Shooting down satellites with much China-U.S. consternation

You really have to hand it to the United States. After putting up a remarkable ruckus in November when a Chinese rocket annihilated an old satellite and spread undetermined amounts of debris orbiting Earth, the United States government has decided to do t

You really have to hand it to the United States. After putting up a remarkable ruckus in November when a Chinese rocket annihilated an old satellite and spread undetermined amounts of debris orbiting Earth, the United States government has decided to do the same to a malfunctioning spy satellite that could rain sizable and toxic debris somewhere on the planet if not destroyed. And China's government urges caution.

The situation is hard to grasp. According to the International Herald Tribune, China and Russia have recently called for a ban on all space weapons, which the United States has opposed. Meanwhile the United States castigated China for shooting down its satellite and thereby demonstrating that Chinese rockets could disable, say, GPS or communications satellites that are essential to U.S. military operations.

Then, when the United States has a broken spy satellite that contains toxic fuel and likely some sensitive technology that it wants to blow out of the sky, a Chinese Foreign Ministry spokesperson urges the United States to act responsibly on the issue of safety in space.

I'm pretty sure authorities in both the United States and China would be better off if they read their previous statements before making new ones. It would sure be less confusing for the rest of us.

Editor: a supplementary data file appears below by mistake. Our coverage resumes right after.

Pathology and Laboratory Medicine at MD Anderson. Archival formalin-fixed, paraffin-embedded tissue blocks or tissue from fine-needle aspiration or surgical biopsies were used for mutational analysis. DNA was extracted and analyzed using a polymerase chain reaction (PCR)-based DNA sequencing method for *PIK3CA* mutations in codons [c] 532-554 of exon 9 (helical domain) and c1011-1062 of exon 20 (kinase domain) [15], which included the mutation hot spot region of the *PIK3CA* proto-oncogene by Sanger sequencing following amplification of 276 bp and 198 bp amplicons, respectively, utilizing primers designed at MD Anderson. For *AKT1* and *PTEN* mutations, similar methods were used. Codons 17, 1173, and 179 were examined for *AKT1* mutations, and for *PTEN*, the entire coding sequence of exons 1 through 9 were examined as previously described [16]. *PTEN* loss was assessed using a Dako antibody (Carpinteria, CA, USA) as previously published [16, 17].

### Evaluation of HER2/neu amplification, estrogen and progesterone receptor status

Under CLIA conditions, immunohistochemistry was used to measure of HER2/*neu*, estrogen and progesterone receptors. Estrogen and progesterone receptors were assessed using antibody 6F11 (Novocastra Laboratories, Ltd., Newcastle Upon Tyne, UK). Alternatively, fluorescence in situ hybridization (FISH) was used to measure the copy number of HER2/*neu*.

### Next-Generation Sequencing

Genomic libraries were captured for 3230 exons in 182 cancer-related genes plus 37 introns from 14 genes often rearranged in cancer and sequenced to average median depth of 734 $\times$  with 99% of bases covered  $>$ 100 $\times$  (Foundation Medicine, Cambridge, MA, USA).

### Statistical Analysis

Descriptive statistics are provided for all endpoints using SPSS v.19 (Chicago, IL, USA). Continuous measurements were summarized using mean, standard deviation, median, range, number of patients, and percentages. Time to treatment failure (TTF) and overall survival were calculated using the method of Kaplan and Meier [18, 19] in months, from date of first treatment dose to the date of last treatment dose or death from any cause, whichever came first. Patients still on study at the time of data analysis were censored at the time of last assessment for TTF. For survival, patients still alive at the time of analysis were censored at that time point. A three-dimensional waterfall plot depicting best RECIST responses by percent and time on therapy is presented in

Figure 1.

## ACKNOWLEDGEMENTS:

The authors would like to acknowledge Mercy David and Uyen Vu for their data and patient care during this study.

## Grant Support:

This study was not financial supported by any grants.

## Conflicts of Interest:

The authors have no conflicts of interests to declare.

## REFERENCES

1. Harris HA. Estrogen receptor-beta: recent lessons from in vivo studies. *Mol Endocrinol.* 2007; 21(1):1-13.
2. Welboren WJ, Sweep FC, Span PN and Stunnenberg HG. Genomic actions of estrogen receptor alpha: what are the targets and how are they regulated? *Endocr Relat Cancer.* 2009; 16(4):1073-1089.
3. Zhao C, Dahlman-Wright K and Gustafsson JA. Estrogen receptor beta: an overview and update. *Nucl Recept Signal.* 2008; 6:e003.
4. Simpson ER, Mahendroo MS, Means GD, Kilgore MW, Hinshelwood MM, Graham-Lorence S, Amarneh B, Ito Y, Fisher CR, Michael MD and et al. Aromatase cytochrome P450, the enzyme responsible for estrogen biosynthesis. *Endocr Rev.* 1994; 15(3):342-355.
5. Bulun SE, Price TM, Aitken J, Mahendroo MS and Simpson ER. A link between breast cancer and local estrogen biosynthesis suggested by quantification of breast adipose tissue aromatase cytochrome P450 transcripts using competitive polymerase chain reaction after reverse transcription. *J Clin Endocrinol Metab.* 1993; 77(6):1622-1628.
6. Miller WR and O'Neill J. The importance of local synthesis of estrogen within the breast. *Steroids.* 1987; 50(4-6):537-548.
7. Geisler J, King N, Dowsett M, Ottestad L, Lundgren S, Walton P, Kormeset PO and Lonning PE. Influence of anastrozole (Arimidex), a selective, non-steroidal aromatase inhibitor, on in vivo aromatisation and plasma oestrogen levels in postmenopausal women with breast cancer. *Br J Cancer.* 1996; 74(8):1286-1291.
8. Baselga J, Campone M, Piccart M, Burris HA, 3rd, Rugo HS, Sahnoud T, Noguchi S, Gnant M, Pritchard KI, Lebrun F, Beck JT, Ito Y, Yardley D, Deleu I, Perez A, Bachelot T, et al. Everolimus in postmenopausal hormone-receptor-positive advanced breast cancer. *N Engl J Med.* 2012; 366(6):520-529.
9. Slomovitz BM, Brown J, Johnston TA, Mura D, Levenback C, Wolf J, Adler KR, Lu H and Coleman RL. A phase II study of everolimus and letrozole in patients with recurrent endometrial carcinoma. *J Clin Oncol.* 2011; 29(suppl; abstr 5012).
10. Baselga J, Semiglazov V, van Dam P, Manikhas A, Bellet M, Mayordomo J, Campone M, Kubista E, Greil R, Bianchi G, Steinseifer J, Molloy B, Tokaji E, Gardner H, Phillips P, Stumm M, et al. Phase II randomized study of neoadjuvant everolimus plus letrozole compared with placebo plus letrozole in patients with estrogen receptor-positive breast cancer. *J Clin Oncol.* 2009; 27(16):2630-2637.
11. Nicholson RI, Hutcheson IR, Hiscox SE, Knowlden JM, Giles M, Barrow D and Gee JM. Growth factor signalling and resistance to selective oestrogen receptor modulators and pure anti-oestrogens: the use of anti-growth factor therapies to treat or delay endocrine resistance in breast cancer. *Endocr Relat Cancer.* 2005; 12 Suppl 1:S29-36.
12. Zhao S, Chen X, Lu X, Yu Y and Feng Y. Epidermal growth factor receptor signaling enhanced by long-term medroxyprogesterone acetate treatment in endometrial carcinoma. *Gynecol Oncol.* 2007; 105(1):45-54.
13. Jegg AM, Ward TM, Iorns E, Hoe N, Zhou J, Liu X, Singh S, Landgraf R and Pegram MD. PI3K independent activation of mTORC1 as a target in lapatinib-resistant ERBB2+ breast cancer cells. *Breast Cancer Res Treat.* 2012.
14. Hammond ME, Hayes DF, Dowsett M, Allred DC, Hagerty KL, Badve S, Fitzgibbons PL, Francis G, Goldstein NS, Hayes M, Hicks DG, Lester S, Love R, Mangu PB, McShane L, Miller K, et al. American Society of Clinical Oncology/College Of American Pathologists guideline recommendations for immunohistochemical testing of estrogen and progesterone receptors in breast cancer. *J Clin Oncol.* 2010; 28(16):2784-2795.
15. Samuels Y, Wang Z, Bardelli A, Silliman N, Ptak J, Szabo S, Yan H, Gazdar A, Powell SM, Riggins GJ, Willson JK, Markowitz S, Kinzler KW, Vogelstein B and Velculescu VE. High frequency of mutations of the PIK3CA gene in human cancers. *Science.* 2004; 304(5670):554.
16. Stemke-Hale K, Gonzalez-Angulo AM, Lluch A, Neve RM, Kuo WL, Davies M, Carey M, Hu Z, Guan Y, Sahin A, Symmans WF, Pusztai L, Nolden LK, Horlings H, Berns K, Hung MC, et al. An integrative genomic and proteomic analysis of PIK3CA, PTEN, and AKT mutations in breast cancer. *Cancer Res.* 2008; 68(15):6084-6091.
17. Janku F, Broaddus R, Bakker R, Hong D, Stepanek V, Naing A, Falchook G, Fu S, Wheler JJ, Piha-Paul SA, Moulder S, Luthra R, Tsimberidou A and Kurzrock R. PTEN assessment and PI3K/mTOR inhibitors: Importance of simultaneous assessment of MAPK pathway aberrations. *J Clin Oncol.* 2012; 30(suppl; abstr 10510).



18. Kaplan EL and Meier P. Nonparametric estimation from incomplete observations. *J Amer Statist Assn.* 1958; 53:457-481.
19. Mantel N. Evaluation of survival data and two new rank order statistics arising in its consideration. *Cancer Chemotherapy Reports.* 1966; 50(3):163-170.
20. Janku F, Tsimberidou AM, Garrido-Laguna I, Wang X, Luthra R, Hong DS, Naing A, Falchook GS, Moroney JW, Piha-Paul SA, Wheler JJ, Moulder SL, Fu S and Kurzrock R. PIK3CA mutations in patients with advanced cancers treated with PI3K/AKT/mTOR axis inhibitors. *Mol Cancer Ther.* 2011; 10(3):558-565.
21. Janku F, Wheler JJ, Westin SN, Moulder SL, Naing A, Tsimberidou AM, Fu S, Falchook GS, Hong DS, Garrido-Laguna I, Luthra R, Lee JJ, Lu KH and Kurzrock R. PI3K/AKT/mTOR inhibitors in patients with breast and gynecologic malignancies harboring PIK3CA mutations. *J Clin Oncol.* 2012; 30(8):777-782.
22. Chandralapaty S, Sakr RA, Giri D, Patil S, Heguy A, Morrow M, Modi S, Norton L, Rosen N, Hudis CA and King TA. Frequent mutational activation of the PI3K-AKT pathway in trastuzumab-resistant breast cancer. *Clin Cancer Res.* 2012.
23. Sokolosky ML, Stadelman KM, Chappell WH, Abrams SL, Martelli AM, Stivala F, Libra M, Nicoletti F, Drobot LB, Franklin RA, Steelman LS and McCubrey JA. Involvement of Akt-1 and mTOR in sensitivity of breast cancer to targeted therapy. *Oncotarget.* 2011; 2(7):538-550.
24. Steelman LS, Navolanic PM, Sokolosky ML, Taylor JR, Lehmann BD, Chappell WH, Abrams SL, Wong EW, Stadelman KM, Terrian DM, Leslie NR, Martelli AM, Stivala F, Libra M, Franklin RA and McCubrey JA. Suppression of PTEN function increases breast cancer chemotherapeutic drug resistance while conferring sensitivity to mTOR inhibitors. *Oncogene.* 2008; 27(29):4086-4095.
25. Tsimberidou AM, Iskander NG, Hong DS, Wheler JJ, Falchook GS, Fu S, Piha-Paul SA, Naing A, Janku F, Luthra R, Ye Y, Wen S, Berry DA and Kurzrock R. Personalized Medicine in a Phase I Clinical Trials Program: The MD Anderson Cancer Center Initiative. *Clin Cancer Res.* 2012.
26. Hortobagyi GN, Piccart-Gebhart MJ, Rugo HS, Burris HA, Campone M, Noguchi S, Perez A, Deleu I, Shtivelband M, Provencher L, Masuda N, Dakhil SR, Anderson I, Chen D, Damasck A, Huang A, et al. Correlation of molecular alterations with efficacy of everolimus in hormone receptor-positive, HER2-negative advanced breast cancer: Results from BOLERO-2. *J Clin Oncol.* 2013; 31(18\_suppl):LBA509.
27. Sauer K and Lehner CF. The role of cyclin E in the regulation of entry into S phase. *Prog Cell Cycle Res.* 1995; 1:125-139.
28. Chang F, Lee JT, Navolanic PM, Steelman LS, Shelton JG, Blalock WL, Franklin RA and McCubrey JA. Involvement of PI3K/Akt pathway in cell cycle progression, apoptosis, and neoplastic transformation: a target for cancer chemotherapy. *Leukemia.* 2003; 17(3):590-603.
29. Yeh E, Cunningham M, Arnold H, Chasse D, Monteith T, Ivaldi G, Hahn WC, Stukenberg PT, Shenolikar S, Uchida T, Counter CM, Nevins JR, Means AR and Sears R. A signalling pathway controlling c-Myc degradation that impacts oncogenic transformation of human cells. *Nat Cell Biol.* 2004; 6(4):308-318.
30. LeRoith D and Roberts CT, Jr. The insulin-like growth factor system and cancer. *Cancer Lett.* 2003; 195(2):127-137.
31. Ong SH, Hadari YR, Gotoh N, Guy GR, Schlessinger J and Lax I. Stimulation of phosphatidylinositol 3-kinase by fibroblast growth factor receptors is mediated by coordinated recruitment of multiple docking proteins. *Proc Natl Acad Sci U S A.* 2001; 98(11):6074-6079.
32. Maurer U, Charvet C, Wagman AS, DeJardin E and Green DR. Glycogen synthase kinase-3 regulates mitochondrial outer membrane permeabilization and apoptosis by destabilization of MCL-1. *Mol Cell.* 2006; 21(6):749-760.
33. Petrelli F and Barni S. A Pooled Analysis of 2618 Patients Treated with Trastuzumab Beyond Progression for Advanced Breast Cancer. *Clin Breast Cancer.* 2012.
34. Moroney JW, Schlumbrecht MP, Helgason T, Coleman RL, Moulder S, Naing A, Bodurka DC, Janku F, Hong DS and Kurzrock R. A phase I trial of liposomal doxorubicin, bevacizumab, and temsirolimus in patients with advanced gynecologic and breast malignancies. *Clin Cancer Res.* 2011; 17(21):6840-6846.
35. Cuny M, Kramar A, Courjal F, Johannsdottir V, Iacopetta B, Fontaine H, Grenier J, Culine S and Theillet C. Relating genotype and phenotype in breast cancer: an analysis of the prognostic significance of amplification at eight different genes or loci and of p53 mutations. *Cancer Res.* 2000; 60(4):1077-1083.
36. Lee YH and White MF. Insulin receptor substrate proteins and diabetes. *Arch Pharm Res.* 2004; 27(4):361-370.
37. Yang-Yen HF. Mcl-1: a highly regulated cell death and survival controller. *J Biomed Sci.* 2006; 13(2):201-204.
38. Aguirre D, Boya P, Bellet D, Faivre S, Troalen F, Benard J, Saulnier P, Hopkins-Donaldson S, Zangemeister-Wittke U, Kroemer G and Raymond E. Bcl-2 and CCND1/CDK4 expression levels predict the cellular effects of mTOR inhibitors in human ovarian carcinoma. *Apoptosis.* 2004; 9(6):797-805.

A Chinese expert in arms control at the prestigious Tsinghua University is not a fan of the plan. "In my opinion, this decision is imprudent and ill advised," Li Bin, the expert, told the IHT. "If this satellite is shot down, the toxic fuel will still be there. Therefore, the pollution still exists." But Li did say the shoot-down would be a good way to keep spy technology from landing in someone else's back yard.

The United States showed its near-space marksmanship in 1985 during the Cold War, and the Soviets did the same, so it's no new show of force for U.S. President George W. Bush to shoot this one down. After reading several articles, the most realistic reasons I've seen for shooting it down are an authentic concern about a toxic fuel tank landing on Earth or a fear of compromising sensitive spy technology.

Either way, even the best-calculated low-orbit explosions are going to hurl debris in unpredictable directions. I hope all this doesn't end in a hole punched in someone's heat shield.

About the author

    Formerly a journalist and consultant in Beijing, Graham Webster is a graduate student studying East Asia at Harvard University. At Sinobyte, he follows the effects of technology on Chinese politics, the environment, and global affairs. He is a member of the CNET Blog Network, and is not an employee of CNET. Disclosure.

     

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